I have started looking through some of my oldest pictures, deciding that some of these cars should no longer be forced to wait in the purgatory that is my photo cache. Like this one.
The original Bronco came out in 1966 and was left alone until 1977. A recipe for disaster? Usually. But not in this case.
This car was shot in early June of 2011, within the first three weeks of my Curbside Classic Car Chasing. I have written up everything found before this one (except for a black Fiero that just doesn’t excite me in the least) and had always intended to put this buckeroo in the CC spotlight.
But then Paul did a thorough writeup on an early Bronco a few months later, and I just kept finding other things, and, . . . . . . . yeah.
Is there a vehicle that you felt a special kinship with when it came out? With me it was the Bronco. I was a young kid when these were introduced – it may have been the first genuinely new vehicle I saw from the beginning. I got more than one as toys and to finish it all off my father got a brand new Country Squire that same year. I recall being a little mystified as to how Dad could pass up a Bronco for a Squire. Parents . . . what do you do with them?
That it kept the same wheelcovers in later years that were on Dad’s Squire made the Bronco all the better.
Speaking of wheelcovers, someone help me out – are these from a ’71 Chevy?
Even though I never knew anybody with one, I retained a special affection for the Bronco. It was a little like Woody in the Toy Story movies – there it was, never changing from the time I was a six year old playing with toy cars until I had my drivers license and my own car – a Ford, naturally.
I found it odd that the Bronco was offered year after year after year with no really significant alterations. Yes, there were little details here and there for the true BroncoNerds to obsess over, but nothing I could identify at a glance.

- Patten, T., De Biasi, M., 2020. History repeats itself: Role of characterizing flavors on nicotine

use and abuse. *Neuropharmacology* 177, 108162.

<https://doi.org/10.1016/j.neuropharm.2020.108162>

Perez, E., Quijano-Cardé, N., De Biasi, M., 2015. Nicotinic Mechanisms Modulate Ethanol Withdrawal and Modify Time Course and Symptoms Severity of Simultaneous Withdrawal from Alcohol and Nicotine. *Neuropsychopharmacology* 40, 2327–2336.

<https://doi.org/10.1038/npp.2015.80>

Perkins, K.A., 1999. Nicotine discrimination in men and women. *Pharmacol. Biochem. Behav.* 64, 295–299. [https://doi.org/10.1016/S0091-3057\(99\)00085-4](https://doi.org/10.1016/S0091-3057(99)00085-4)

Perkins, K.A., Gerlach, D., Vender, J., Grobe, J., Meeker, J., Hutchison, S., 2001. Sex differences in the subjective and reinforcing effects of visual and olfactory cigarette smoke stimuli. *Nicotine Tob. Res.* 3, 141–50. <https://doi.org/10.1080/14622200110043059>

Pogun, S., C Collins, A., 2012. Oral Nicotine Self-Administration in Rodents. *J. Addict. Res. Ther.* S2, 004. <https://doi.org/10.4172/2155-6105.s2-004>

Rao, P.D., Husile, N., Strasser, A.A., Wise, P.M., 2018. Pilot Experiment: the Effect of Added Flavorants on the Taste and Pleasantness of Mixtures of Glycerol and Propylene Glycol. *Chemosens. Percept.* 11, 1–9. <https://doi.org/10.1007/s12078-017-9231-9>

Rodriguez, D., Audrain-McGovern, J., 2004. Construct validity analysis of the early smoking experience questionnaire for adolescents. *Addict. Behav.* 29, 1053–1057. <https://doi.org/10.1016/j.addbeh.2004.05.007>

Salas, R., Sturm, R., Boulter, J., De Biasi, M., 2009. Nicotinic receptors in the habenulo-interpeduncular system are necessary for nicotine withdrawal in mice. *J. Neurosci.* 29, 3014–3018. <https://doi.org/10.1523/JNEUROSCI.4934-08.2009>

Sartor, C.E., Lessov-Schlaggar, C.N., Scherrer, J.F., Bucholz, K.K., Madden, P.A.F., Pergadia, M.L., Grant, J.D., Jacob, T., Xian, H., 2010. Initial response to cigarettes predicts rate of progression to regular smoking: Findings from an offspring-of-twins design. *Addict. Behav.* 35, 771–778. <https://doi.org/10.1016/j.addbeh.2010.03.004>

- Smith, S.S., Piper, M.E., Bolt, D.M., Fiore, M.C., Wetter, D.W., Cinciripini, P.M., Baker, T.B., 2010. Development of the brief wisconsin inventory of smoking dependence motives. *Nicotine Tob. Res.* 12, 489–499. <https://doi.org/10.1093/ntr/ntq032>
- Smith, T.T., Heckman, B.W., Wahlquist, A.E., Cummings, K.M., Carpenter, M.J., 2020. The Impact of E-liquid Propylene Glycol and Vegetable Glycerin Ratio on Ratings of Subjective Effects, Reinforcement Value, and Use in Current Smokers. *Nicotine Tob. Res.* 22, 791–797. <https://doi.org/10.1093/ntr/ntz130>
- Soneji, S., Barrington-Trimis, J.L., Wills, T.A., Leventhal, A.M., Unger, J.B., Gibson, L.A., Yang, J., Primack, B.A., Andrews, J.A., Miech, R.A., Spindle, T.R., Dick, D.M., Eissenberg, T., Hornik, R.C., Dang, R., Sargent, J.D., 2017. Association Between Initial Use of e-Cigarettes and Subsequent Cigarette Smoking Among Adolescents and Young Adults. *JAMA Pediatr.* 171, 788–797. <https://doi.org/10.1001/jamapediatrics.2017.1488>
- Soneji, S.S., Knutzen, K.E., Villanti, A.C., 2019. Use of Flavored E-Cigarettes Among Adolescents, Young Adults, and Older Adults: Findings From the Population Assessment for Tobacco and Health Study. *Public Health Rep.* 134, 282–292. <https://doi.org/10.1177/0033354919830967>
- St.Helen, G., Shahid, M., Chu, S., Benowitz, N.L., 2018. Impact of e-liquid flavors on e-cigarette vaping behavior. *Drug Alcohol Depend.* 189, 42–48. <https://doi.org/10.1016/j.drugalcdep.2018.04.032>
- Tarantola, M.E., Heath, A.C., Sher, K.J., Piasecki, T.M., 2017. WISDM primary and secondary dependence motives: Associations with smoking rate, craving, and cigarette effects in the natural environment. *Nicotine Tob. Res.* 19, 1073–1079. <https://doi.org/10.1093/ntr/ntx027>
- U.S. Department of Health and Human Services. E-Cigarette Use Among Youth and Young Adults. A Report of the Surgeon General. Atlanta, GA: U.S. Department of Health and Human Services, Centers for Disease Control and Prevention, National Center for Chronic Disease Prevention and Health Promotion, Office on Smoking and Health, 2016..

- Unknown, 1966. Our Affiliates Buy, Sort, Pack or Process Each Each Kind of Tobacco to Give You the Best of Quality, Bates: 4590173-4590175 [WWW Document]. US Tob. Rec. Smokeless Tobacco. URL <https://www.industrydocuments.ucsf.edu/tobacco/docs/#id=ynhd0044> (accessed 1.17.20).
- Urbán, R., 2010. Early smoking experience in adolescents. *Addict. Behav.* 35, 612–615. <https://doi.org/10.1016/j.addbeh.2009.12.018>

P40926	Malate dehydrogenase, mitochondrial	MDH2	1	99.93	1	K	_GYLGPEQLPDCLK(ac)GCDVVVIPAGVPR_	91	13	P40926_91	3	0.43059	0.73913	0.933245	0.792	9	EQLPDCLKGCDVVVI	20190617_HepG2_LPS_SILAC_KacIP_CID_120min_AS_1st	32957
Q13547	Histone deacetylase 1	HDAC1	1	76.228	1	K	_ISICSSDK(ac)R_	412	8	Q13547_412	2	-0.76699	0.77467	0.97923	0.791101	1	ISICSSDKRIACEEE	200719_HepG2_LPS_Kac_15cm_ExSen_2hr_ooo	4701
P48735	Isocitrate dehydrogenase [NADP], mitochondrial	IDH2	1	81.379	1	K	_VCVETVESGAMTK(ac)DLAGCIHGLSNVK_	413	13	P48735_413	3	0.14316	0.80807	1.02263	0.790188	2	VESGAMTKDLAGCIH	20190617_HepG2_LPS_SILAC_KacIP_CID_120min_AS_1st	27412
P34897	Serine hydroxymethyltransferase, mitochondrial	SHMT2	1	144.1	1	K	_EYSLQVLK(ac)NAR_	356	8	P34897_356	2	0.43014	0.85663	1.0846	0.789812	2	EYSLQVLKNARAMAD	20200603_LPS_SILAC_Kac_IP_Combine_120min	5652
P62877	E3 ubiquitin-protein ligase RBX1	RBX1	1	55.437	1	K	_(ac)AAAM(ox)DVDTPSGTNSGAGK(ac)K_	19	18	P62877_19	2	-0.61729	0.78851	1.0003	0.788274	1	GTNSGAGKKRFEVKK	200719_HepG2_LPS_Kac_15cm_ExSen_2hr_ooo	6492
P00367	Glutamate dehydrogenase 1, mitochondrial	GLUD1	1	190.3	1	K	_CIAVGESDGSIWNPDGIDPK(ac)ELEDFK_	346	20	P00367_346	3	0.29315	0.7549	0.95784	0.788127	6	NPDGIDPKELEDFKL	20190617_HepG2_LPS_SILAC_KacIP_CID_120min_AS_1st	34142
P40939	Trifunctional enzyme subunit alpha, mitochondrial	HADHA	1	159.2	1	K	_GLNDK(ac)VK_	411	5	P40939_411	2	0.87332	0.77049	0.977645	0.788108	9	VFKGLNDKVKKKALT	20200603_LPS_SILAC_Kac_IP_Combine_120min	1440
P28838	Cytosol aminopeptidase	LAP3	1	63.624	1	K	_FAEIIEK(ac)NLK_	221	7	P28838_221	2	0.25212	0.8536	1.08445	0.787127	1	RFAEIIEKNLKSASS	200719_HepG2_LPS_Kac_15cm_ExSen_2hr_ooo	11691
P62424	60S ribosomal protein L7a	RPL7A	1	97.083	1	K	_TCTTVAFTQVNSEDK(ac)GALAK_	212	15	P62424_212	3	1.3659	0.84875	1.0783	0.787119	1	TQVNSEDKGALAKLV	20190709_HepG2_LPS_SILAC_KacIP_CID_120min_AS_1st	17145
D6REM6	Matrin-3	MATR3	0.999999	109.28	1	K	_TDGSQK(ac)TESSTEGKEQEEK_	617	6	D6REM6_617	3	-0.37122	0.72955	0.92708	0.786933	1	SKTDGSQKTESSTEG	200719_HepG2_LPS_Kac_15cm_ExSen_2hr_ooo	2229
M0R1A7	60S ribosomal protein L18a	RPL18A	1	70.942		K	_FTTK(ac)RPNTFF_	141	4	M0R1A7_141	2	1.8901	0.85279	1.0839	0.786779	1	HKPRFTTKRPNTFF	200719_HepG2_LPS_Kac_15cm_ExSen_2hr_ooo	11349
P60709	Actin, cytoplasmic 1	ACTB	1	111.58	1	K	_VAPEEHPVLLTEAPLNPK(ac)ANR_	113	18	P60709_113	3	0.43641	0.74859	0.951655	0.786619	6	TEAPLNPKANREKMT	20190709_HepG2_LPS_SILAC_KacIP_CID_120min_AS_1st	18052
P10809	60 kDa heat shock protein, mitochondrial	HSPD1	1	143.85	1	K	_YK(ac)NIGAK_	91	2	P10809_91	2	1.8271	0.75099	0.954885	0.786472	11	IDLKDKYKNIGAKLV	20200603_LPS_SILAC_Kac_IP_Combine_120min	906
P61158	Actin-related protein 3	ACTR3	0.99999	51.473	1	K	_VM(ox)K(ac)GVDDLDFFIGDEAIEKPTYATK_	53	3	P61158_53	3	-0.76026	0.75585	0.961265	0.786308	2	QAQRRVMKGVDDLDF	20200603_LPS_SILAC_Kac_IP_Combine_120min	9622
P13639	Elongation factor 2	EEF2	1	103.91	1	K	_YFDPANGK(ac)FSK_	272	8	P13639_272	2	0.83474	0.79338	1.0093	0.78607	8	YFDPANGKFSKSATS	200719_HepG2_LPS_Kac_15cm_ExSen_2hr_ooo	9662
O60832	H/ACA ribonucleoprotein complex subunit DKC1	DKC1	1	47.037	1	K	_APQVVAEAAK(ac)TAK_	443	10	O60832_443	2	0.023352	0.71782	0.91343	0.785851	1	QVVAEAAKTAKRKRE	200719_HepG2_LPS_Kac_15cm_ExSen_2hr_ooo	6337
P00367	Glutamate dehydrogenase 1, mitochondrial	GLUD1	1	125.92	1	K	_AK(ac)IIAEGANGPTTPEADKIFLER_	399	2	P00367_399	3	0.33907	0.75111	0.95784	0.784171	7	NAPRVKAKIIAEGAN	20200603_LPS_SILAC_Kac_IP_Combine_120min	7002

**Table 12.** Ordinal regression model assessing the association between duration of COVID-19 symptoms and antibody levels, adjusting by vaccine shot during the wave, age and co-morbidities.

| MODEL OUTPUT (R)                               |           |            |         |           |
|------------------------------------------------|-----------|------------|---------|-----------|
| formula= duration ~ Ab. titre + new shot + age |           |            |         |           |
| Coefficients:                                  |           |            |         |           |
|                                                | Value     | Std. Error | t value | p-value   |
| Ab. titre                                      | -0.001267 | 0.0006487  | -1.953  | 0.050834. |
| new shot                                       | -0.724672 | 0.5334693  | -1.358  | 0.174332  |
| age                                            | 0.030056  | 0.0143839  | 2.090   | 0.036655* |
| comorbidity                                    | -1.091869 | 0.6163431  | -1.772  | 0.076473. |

On how many cars have we noticed the usually-fatal cycle: Introduction, then no attention or investment as the car becomes less and less competitive and is eventually killed off. But for a vehicle that saw almost no change over the twelve model years of its lifespan, the Bronco seemed to just shrug. Production figures tell the tale – it sold as well in 1977 as it did in 1967. Would a 2019 version still be good for 15-18,000 annual units if Ford had not changed things up for 1978? Who knows.
|1966-1977 Ford Bronco production|
I suppose we should acknowledge that the rest of the prehistoric SUV market had not stood still in that time. The International Scout II could boast of almost 40,000 units in 1977 and there were nearly 87,000 Chevy Blazers shoved out of the doors that year. I guess time marched on after all.
It is evident from Ford’s advertising that the company still thought of the Bronco as more of an accessory than as primary transportation. It was advertising the Bronco as a useful second vehicle in 1969 . . .
. . . and had not changed focus by 1973. In fact, it doesn’t seem that the Bronco ever really got much advertising support after it was introduced.